2 in 3 would consider leaving provider after ransomware attack

After the WannaCry ransomware attack in mid-May, interest in cyber security across all industries has spiked. A survey conducted by Carbon Black included interviews with 5,000 people to evaluate the public’s perception of ransomware.

Impacting some 150 countries and 300,000 computers, the WannaCry ransomware attack was unprecedented in its scope and reach. The incident claimed healthcare, retail and financial victims. The Carbon Black survey aimed to identify people’s thoughts on WannaCry and potential reactions to future attacks.

Findings included:

  1. 57 percent reported the WannaCry attack was their first exposure to how ransomware works.
  2. Seven out of 10 reported trusted their healthcare providers to keep their data safe.
  3. Still, 68 percent would consider leaving their healthcare provider if they were the victim of a ransomware attack.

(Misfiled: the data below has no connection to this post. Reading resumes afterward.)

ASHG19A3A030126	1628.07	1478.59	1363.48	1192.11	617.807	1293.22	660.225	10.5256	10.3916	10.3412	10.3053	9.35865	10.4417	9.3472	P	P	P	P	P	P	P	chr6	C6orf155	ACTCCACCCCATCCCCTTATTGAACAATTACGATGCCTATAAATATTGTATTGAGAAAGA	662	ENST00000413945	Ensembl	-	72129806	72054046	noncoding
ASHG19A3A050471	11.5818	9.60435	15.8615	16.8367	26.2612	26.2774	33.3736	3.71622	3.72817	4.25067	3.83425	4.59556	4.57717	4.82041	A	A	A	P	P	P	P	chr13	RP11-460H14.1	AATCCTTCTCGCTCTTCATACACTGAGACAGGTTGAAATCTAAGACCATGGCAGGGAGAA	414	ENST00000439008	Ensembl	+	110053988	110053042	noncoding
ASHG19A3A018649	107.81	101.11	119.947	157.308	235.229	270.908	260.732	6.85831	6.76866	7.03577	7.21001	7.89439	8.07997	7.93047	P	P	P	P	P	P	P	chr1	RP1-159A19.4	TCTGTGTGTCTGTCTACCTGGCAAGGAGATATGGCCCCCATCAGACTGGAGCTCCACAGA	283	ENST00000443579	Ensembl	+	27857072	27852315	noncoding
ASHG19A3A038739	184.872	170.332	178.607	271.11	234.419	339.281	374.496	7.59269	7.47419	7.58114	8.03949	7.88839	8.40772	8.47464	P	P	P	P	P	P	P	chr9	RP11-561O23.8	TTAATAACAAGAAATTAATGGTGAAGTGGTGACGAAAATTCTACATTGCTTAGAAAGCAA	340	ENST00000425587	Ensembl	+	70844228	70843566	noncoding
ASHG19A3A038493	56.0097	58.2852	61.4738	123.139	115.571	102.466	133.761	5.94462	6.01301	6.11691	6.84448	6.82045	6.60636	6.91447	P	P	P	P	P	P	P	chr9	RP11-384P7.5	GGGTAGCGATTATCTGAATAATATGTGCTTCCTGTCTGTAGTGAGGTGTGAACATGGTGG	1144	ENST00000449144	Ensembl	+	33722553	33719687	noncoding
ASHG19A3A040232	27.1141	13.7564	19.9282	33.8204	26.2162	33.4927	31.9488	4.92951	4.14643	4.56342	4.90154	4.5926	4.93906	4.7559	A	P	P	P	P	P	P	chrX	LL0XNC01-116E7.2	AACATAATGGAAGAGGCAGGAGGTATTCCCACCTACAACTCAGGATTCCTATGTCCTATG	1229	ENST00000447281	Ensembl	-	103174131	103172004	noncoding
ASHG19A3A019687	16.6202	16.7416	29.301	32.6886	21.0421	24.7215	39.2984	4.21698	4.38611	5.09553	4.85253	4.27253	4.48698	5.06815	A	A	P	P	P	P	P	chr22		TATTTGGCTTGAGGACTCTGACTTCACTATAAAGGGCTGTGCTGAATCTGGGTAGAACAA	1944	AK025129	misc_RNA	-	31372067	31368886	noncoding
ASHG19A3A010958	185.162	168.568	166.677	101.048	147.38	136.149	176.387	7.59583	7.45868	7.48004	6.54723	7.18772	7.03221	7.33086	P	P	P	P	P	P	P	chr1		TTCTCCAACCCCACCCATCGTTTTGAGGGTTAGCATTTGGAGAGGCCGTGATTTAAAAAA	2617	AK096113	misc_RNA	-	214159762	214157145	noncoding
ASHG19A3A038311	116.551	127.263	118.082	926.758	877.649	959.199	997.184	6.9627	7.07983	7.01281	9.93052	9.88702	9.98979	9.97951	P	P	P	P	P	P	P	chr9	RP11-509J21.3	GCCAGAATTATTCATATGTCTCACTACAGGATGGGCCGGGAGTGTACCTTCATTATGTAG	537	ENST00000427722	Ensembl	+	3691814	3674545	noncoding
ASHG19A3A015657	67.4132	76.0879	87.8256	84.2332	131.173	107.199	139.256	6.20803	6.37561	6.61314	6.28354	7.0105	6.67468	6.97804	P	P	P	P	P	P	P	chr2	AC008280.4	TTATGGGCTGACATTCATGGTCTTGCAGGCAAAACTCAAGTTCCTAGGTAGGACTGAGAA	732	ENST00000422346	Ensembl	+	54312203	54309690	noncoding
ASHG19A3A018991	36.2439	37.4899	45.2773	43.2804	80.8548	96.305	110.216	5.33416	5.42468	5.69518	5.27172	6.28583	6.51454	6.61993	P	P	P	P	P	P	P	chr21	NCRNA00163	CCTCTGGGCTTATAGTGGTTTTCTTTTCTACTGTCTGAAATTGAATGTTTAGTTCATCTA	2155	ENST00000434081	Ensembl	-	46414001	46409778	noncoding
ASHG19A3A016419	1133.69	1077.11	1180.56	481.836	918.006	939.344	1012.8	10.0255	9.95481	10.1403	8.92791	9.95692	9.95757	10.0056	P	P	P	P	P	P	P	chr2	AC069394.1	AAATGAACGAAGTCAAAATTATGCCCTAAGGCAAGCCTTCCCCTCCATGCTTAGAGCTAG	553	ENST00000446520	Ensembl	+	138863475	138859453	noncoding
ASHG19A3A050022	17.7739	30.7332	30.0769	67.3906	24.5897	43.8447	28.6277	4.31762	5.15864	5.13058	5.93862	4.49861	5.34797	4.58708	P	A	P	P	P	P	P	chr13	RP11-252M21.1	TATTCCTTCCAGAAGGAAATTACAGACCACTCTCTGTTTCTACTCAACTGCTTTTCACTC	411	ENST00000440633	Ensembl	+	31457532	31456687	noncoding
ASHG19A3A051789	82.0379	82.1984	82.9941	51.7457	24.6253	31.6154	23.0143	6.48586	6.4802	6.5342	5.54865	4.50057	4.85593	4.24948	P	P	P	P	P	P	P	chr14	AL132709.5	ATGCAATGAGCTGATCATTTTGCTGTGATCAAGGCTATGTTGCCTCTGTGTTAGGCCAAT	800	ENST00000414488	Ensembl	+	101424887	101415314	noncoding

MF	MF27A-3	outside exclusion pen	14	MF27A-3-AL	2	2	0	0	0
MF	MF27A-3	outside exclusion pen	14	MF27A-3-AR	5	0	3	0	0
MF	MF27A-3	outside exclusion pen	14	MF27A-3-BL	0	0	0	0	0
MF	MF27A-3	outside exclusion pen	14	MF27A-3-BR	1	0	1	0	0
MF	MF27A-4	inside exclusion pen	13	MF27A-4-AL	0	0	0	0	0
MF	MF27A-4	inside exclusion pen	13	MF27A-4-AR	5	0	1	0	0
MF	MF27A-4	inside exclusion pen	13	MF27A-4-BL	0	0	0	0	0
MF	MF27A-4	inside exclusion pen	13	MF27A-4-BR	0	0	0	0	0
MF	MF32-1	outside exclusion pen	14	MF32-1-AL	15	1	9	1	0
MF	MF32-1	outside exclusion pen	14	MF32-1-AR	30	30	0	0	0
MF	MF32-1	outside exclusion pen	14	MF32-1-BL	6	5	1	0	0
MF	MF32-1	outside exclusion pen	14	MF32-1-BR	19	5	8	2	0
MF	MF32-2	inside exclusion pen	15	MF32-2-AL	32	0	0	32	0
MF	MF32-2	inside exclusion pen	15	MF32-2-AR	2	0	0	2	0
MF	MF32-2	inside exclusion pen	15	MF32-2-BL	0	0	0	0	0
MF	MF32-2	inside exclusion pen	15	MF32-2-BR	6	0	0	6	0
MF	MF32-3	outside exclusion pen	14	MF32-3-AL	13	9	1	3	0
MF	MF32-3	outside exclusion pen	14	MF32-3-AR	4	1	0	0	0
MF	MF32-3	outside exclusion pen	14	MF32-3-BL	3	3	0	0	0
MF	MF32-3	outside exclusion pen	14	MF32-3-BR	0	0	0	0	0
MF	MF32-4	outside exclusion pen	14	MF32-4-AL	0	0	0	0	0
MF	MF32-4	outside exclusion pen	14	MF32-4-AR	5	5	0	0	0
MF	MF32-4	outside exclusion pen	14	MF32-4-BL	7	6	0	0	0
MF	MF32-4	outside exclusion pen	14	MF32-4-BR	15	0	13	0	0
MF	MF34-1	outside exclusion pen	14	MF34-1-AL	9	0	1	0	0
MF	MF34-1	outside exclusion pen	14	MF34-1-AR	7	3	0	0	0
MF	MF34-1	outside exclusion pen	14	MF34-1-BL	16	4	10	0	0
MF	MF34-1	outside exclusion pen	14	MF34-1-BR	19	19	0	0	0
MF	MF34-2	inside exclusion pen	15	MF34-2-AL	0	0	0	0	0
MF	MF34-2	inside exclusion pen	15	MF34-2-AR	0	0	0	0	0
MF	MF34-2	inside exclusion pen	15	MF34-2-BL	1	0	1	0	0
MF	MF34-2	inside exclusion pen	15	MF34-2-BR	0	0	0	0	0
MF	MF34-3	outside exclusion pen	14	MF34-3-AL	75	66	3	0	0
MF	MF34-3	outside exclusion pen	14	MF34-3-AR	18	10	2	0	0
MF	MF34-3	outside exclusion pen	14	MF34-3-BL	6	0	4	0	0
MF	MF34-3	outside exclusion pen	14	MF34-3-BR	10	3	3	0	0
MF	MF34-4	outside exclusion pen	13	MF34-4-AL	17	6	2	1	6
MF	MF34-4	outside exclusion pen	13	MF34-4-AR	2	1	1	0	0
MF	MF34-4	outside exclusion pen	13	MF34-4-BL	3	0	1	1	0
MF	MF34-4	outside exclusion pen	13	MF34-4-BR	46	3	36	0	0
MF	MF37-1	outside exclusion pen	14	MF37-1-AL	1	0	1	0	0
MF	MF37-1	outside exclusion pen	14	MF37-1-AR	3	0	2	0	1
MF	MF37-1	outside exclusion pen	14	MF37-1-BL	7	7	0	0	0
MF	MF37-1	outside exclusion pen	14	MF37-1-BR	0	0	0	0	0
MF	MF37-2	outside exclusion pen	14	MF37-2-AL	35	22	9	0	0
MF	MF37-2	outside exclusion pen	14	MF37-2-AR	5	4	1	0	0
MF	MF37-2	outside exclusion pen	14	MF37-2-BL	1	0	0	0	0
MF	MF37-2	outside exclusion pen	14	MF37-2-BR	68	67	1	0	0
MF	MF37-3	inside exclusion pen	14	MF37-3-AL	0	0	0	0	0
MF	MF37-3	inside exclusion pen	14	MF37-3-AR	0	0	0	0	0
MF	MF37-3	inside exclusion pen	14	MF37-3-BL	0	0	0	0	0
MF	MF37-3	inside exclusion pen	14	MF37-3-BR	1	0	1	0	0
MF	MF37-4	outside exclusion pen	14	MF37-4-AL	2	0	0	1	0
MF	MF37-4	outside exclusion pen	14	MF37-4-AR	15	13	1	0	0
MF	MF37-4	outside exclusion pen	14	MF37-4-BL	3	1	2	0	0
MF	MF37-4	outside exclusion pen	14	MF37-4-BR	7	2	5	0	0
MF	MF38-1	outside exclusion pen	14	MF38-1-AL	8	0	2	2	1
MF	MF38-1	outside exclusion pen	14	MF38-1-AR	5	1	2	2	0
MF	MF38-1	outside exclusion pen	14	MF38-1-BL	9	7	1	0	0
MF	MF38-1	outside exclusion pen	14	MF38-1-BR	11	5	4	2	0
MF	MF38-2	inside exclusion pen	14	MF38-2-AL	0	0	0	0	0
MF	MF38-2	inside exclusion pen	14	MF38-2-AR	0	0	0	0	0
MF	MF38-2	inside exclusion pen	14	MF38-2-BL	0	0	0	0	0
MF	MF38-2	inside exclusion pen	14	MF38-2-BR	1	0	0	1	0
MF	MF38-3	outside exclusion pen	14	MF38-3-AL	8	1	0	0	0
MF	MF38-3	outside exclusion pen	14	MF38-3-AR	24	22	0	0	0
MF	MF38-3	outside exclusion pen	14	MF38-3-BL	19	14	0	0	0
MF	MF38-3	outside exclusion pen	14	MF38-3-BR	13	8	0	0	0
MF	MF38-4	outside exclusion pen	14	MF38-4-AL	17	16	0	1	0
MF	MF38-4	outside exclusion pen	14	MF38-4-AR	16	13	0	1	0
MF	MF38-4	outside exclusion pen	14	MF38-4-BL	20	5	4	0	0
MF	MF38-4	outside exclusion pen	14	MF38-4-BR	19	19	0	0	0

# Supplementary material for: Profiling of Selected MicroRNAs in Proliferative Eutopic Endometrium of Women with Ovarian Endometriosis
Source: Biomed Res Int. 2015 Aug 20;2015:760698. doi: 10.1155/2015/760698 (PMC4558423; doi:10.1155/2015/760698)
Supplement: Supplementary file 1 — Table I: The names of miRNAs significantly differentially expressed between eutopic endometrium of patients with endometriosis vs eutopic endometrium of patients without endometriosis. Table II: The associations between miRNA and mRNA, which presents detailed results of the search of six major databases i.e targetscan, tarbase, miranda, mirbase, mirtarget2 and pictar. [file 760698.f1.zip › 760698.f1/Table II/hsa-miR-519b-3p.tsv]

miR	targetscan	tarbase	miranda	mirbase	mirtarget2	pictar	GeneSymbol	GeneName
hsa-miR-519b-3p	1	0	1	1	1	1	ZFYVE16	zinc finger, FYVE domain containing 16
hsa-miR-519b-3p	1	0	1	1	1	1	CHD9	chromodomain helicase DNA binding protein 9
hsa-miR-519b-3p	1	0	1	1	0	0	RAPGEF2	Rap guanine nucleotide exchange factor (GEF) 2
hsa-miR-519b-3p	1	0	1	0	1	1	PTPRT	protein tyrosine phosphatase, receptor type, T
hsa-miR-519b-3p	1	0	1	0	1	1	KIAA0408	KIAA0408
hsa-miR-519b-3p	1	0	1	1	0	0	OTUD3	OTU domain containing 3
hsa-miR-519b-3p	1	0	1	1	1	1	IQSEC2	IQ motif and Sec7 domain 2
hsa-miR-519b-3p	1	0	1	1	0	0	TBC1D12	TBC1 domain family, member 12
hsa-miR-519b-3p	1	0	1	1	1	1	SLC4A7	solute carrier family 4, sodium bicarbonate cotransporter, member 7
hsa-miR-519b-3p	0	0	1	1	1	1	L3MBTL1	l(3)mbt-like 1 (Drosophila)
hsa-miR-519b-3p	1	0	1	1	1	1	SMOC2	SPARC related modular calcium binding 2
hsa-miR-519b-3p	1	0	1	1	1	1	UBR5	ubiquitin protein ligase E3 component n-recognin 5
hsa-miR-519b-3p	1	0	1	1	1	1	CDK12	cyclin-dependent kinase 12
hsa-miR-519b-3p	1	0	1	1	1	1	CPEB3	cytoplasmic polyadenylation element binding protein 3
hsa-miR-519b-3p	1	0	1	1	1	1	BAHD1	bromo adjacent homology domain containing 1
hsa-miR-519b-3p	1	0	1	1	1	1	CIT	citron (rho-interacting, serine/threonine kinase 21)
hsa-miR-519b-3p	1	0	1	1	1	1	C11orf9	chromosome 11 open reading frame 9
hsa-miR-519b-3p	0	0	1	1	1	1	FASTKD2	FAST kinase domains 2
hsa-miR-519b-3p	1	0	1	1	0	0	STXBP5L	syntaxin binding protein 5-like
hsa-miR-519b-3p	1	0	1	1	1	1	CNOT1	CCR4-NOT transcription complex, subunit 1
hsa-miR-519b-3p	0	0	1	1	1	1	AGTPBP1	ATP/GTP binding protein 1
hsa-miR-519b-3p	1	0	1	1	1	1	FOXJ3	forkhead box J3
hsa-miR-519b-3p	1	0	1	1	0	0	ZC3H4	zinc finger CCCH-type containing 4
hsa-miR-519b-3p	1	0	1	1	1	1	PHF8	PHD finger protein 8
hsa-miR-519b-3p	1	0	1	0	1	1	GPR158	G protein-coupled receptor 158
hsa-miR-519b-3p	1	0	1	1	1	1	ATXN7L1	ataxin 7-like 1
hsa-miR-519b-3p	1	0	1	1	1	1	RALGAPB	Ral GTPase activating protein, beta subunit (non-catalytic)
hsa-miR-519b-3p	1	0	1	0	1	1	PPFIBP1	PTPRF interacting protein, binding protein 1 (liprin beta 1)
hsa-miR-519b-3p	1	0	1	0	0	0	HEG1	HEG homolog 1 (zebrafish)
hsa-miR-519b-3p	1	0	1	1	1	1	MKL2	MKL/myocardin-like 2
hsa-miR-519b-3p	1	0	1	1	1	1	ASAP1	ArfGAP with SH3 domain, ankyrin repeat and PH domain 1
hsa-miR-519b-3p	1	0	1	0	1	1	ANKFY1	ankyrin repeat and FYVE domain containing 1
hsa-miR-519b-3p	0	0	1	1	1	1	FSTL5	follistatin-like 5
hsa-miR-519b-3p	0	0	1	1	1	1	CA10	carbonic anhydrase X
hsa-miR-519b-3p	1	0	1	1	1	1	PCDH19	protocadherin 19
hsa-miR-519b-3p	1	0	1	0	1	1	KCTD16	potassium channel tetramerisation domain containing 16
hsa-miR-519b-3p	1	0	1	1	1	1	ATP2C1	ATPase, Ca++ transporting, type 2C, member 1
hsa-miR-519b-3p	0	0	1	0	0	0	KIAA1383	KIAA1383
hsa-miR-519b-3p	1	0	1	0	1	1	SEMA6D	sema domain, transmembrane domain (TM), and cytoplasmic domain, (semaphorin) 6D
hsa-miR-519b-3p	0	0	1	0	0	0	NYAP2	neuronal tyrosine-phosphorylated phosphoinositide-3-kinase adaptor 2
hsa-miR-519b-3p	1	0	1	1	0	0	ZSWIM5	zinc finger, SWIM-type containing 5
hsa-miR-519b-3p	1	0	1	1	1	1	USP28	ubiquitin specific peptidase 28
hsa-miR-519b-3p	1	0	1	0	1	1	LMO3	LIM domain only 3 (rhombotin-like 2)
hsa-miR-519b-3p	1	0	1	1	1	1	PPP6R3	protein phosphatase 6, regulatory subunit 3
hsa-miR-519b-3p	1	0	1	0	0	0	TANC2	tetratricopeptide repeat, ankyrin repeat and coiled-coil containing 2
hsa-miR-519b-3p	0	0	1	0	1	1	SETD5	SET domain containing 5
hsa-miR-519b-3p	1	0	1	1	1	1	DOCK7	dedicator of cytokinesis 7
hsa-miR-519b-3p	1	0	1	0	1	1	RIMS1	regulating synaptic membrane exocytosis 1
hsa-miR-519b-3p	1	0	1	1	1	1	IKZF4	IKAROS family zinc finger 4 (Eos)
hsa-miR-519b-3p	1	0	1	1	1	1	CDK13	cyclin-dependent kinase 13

4. Only 5 percent considered their medical records to be their most important type of data, with 42 percent choosing financial data and 41 percent opting for personal pictures and videos.
  5. 12 percent would pay a ransom of $500 or more, and 59 percent would pay a ransom $100 or less.
  6. People felt individual businesses are responsible for data security, with cyber security companies and software providers following in second and third.

The report concludes with four ways consumers can avoid ransomware.

  1. Routinely update software.
  2. Be aware of suspicious emails, pop-ups and links.
  3. Back up data to restore data in the event of an attack.
  4. Utilize antivirus software.